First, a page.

New book of Djelloul Marbrook "Mean Bastards Making Nice"

New book of Djelloul Marbrook "Mean Bastards Making Nice"

Mean Bastards Making Nice will be available in a few days to order from Book Depository (ships free worldwide), Amazon and other online booksellers. Tell the online booksellers to notify you when the book is available.

These two novellas, The Pain of Wearing Our Faces and Grace, are published by Leaky Boot Press. They are about women artists and an art world that betrays and oppresses them.

Why are our children taught about Ramses but not Hatshepsut, Egypt's first woman pharoah and one of its most successful? Why are they taught about Hadrian but not Boudica, the Celtic queen who fought the Romans? Why are they taught about Manet but not Suzanne Valadon?

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Narrativising Betrayal in Hanan al-Shaykh’s The Story of Zahra, by Semia Harbawi

In The Story of Zahra, Lebanese writer Hanan al-Shaykh presents betrayal as the very essence of narrative and narrativity. It becomes a postmodernist syndrome with various symptoms and multiple manifestations, predicated, as it is, on all manner of deception in the negotiation of female identification and self-defining modes. It starts from the enunciation of the title itself: the third person referent implies a certain detachment; a voice promising to unveil Zahra’s secrets and hence breach her interiority. This detached voice is the one behind the scenes, Zahra’s double and the marker of her schizoid self.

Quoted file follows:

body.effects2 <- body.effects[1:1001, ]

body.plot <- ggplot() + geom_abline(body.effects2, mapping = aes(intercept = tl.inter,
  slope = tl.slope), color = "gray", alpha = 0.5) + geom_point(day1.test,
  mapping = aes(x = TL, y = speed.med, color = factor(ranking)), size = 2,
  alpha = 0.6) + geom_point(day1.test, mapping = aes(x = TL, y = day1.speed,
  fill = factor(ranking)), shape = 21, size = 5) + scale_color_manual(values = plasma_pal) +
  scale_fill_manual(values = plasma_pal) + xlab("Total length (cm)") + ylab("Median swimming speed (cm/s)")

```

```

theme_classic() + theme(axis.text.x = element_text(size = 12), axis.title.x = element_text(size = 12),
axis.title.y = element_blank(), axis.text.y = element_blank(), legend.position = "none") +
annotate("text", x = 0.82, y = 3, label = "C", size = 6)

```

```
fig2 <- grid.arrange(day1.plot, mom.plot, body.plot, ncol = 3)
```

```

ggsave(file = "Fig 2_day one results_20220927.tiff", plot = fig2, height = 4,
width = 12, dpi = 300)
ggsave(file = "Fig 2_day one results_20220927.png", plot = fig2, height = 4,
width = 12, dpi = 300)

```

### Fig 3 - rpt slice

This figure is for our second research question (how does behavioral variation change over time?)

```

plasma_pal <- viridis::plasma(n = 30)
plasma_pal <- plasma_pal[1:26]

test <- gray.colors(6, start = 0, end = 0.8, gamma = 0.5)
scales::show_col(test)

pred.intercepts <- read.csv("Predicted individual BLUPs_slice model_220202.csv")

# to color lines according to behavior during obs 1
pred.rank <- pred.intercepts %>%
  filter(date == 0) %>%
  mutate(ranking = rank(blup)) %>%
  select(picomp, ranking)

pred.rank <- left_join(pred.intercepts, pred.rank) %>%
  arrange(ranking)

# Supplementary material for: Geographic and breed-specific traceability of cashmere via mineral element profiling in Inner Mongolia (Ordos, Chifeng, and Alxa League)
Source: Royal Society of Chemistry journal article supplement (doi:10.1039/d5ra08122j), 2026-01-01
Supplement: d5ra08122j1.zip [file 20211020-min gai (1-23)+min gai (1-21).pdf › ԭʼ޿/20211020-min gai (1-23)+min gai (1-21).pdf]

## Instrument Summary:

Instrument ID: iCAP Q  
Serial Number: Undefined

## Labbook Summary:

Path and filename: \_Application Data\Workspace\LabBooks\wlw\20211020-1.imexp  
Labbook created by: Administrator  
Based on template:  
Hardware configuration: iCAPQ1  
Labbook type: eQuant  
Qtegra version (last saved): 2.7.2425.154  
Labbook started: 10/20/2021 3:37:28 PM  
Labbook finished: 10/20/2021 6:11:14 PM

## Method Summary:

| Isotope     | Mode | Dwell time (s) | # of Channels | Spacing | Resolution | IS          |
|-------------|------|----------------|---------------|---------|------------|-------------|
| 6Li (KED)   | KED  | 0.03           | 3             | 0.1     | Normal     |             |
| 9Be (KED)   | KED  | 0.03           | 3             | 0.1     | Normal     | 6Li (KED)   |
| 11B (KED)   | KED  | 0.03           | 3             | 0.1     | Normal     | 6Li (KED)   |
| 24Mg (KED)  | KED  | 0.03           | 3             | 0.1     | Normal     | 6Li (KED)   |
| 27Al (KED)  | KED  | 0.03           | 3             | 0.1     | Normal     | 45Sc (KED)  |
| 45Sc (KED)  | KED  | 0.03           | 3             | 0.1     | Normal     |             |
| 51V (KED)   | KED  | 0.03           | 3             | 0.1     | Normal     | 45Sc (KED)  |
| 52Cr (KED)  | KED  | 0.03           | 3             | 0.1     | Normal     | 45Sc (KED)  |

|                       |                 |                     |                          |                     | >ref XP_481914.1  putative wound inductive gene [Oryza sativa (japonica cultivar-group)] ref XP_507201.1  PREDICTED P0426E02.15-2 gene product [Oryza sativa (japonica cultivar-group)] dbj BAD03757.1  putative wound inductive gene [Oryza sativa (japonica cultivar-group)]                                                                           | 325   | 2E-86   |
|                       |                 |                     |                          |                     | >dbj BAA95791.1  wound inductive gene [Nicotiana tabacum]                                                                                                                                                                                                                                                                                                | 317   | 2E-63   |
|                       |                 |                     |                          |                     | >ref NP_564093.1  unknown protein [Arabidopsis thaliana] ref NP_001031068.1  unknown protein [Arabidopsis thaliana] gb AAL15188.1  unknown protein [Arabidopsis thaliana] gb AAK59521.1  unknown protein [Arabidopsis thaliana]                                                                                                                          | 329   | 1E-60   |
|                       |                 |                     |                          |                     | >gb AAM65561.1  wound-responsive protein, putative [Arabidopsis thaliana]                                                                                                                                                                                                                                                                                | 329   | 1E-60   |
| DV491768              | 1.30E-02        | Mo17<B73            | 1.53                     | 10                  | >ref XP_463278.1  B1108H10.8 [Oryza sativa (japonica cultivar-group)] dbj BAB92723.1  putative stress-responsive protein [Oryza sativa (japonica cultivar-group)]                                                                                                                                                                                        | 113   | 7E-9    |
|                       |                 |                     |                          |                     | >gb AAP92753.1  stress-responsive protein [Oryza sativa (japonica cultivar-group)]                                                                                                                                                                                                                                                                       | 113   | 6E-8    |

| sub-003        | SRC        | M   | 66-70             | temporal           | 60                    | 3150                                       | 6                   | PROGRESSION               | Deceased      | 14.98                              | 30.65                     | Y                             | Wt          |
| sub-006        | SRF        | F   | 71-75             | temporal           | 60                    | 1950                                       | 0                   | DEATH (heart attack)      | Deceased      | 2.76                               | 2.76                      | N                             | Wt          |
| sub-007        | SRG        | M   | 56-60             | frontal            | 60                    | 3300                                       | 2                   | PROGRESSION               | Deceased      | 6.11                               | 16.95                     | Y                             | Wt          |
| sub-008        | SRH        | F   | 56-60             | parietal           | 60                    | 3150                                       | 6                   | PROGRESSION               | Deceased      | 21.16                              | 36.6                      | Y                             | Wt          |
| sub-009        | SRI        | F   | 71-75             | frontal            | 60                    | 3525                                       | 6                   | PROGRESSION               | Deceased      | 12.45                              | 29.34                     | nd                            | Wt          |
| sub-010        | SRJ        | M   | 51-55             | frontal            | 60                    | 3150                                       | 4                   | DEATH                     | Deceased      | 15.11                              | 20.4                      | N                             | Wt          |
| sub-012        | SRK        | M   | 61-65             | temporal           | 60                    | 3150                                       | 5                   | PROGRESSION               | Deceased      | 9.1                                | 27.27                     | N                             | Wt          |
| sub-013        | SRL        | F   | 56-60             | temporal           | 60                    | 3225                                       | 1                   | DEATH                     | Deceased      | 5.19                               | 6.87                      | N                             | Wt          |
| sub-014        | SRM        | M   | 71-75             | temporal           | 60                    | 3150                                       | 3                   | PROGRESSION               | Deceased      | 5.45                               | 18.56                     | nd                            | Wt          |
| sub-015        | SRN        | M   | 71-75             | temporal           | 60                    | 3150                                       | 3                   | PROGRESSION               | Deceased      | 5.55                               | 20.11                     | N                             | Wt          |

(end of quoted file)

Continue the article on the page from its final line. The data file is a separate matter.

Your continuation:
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Michelle Herman, Telling the Story

We broke up over six kids—that’s how I always told the story. But of course that was no story. I don’t mean that it wasn’t fiction (although it wasn’t ), just that it wasn’t narrative. It was only the prelude to a punch line. Six kids? the person to whom I had said this would ask. What kids? Kids we didn’t have. Then the laugh. And we’d move on.

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George Held, After the Revolution (story)

“Oh, my God, I don’t believe it! I never thought I would see you here in America!” Mlada Dvořáková cried, throwing her arms around me and kissing me on both cheeks and then the lips. I hadn’t seen her for fifteen years, since 1976, when I finished my year of teaching at Charles University in Prague. Mlada was then twenty-three, a fifth-year student taking a combined German and English concentration, and I was thirty-three, an assistant professor on a Fulbright, giving my version of American literature to Czech English majors. We were standing at the top of the stairs under the departures board in Penn Station in the midst of the noontime crush as Mlada’s fellow passengers on the Amtrak train from Washington swept around us. Despite the passage of a decade and a half and the swirl of traffic in the stairwell, we had instantly spotted each other’s face as I waited at the top of the stairs and she climbed them.

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David Radavich